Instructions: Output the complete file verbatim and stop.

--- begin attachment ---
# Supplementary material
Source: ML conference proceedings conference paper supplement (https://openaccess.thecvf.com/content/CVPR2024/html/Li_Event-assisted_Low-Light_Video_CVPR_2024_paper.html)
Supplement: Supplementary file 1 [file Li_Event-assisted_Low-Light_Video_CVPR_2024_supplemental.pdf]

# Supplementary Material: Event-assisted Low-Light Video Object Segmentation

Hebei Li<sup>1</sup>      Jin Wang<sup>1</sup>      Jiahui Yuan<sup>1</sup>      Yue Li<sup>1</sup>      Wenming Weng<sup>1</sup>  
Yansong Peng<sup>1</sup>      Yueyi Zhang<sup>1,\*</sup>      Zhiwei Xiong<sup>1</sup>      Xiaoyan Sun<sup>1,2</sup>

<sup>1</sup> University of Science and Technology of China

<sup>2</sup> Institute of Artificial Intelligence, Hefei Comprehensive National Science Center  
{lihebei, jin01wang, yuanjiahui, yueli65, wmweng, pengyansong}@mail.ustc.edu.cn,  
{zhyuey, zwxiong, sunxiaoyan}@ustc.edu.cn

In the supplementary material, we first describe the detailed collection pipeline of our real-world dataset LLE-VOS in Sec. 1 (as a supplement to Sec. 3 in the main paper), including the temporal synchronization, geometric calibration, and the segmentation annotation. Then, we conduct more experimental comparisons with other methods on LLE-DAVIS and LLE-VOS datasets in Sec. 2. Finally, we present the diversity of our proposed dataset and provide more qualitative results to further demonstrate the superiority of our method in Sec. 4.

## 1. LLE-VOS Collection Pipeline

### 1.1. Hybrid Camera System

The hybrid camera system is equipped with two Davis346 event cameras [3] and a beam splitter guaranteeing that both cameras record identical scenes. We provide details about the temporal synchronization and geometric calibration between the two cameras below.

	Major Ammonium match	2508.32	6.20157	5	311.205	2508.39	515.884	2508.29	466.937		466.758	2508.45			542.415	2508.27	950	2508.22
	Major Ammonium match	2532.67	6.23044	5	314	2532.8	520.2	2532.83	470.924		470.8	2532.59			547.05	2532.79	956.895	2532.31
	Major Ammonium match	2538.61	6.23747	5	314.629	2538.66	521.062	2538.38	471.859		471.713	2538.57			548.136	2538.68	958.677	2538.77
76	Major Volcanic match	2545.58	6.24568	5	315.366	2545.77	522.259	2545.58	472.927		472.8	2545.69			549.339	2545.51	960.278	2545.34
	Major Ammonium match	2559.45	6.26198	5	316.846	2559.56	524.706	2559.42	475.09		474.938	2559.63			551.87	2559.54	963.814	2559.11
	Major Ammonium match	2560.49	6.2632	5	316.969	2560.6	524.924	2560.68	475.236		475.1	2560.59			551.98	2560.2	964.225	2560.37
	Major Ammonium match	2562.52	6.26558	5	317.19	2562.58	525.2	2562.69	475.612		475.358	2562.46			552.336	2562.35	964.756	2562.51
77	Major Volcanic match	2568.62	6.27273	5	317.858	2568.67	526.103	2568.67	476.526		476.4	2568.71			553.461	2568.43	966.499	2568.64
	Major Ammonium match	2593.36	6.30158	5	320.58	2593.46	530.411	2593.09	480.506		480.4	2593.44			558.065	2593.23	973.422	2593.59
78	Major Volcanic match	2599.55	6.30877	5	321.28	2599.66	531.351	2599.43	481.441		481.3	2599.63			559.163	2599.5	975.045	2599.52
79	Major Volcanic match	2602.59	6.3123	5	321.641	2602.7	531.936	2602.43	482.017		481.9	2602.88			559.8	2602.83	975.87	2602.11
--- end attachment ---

# Supplementary material
Source: ML conference proceedings conference paper supplement (https://openaccess.thecvf.com/content/CVPR2024/html/Li_Event-assisted_Low-Light_Video_CVPR_2024_paper.html)
Supplement: Supplementary file 1 [file Li_Event-assisted_Low-Light_Video_CVPR_2024_supplemental.pdf]

# Supplementary Material: Event-assisted Low-Light Video Object Segmentation

Hebei Li<sup>1</sup>      Jin Wang<sup>1</sup>      Jiahui Yuan<sup>1</sup>      Yue Li<sup>1</sup>      Wenming Weng<sup>1</sup>  
Yansong Peng<sup>1</sup>      Yueyi Zhang<sup>1,\*</sup>      Zhiwei Xiong<sup>1</sup>      Xiaoyan Sun<sup>1,2</sup>

<sup>1</sup> University of Science and Technology of China

<sup>2</sup> Institute of Artificial Intelligence, Hefei Comprehensive National Science Center  
{lihebei, jin01wang, yuanjiahui, yueli65, wmweng, pengyansong}@mail.ustc.edu.cn,  
{zhyuey, zwxiong, sunxiaoyan}@ustc.edu.cn

In the supplementary material, we first describe the detailed collection pipeline of our real-world dataset LLE-VOS in Sec. 1 (as a supplement to Sec. 3 in the main paper), including the temporal synchronization, geometric calibration, and the segmentation annotation. Then, we conduct more experimental comparisons with other methods on LLE-DAVIS and LLE-VOS datasets in Sec. 2. Finally, we present the diversity of our proposed dataset and provide more qualitative results to further demonstrate the superiority of our method in Sec. 4.

## 1. LLE-VOS Collection Pipeline

### 1.1. Hybrid Camera System

The hybrid camera system is equipped with two Davis346 event cameras [3] and a beam splitter guaranteeing that both cameras record identical scenes. We provide details about the temporal synchronization and geometric calibration between the two cameras below.

	Major Ammonium match	2508.32	6.20157	5	311.205	2508.39	515.884	2508.29	466.937		466.758	2508.45			542.415	2508.27	950	2508.22
	Major Ammonium match	2532.67	6.23044	5	314	2532.8	520.2	2532.83	470.924		470.8	2532.59			547.05	2532.79	956.895	2532.31
	Major Ammonium match	2538.61	6.23747	5	314.629	2538.66	521.062	2538.38	471.859		471.713	2538.57			548.136	2538.68	958.677	2538.77
76	Major Volcanic match	2545.58	6.24568	5	315.366	2545.77	522.259	2545.58	472.927		472.8	2545.69			549.339	2545.51	960.278	2545.34
	Major Ammonium match	2559.45	6.26198	5	316.846	2559.56	524.706	2559.42	475.09		474.938	2559.63			551.87	2559.54	963.814	2559.11
	Major Ammonium match	2560.49	6.2632	5	316.969	2560.6	524.924	2560.68	475.236		475.1	2560.59			551.98	2560.2	964.225	2560.37
	Major Ammonium match	2562.52	6.26558	5	317.19	2562.58	525.2	2562.69	475.612		475.358	2562.46			552.336	2562.35	964.756	2562.51
77	Major Volcanic match	2568.62	6.27273	5	317.858	2568.67	526.103	2568.67	476.526		476.4	2568.71			553.461	2568.43	966.499	2568.64
	Major Ammonium match	2593.36	6.30158	5	320.58	2593.46	530.411	2593.09	480.506		480.4	2593.44			558.065	2593.23	973.422	2593.59
78	Major Volcanic match	2599.55	6.30877	5	321.28	2599.66	531.351	2599.43	481.441		481.3	2599.63			559.163	2599.5	975.045	2599.52
79	Major Volcanic match	2602.59	6.3123	5	321.641	2602.7	531.936	2602.43	482.017		481.9	2602.88			559.8	2602.83	975.87	2602.11